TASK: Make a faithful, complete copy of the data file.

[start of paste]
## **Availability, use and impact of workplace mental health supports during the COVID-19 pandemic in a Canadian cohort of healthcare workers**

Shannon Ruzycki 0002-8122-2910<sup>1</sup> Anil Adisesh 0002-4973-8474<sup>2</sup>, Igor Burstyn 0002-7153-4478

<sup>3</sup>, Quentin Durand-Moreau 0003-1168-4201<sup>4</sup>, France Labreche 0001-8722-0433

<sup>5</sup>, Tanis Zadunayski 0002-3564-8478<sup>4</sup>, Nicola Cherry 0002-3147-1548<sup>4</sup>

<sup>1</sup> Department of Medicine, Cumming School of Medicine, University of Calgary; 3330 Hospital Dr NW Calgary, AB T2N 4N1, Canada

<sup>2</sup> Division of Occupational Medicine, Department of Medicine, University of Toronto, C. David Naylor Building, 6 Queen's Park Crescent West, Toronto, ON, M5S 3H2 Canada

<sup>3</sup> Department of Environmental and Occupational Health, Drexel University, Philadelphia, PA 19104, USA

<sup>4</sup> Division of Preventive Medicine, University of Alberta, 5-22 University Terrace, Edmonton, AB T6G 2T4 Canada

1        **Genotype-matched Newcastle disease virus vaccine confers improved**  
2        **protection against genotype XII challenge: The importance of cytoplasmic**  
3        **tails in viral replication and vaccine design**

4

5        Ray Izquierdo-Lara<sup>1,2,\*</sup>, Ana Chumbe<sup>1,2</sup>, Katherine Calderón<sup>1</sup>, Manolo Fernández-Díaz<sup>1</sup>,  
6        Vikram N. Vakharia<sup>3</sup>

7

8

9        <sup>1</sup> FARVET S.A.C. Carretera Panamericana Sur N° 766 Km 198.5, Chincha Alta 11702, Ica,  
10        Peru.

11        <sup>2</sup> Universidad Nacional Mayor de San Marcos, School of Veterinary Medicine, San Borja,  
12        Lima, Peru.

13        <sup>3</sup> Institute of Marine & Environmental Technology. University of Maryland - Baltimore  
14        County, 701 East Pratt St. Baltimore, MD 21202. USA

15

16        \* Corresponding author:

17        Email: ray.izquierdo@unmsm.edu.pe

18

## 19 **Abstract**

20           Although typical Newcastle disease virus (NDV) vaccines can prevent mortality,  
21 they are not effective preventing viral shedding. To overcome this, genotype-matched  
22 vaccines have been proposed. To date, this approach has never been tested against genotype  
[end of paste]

## **Availability, use and impact of workplace mental health supports during the COVID-19 pandemic in a Canadian cohort of healthcare workers**

Shannon Ruzycki 0002-8122-2910<sup>1</sup> Anil Adisesh 0002-4973-8474<sup>2</sup>, Igor Burstyn 0002-7153-4478

<sup>3</sup>, Quentin Durand-Moreau 0003-1168-4201<sup>4</sup>, France Labreche 0001-8722-0433

<sup>5</sup>, Tanis Zadunayski 0002-3564-8478<sup>4</sup>, Nicola Cherry 0002-3147-1548<sup>4</sup>

<sup>1</sup> Department of Medicine, Cumming School of Medicine, University of Calgary; 3330 Hospital Dr NW Calgary, AB T2N 4N1, Canada

<sup>2</sup> Division of Occupational Medicine, Department of Medicine, University of Toronto, C. David Naylor Building, 6 Queen's Park Crescent West, Toronto, ON, M5S 3H2 Canada

<sup>3</sup> Department of Environmental and Occupational Health, Drexel University, Philadelphia, PA 19104, USA

<sup>4</sup> Division of Preventive Medicine, University of Alberta, 5-22 University Terrace, Edmonton, AB T6G 2T4 Canada

1        **Genotype-matched Newcastle disease virus vaccine confers improved**  
2        **protection against genotype XII challenge: The importance of cytoplasmic**  
3        **tails in viral replication and vaccine design**

4

5        Ray Izquierdo-Lara<sup>1,2,\*</sup>, Ana Chumbe<sup>1,2</sup>, Katherine Calderón<sup>1</sup>, Manolo Fernández-Díaz<sup>1</sup>,  
6        Vikram N. Vakharia<sup>3</sup>

7

8

9        <sup>1</sup> FARVET S.A.C. Carretera Panamericana Sur N° 766 Km 198.5, Chincha Alta 11702, Ica,  
10        Peru.

11        <sup>2</sup> Universidad Nacional Mayor de San Marcos, School of Veterinary Medicine, San Borja,  
12        Lima, Peru.

13        <sup>3</sup> Institute of Marine & Environmental Technology. University of Maryland - Baltimore  
14        County, 701 East Pratt St. Baltimore, MD 21202. USA

15

16        \* Corresponding author:

17        Email: ray.izquierdo@unmsm.edu.pe

18

## 19 **Abstract**

20           Although typical Newcastle disease virus (NDV) vaccines can prevent mortality,  
21 they are not effective preventing viral shedding. To overcome this, genotype-matched  
22 vaccines have been proposed. To date, this approach has never been tested against genotype  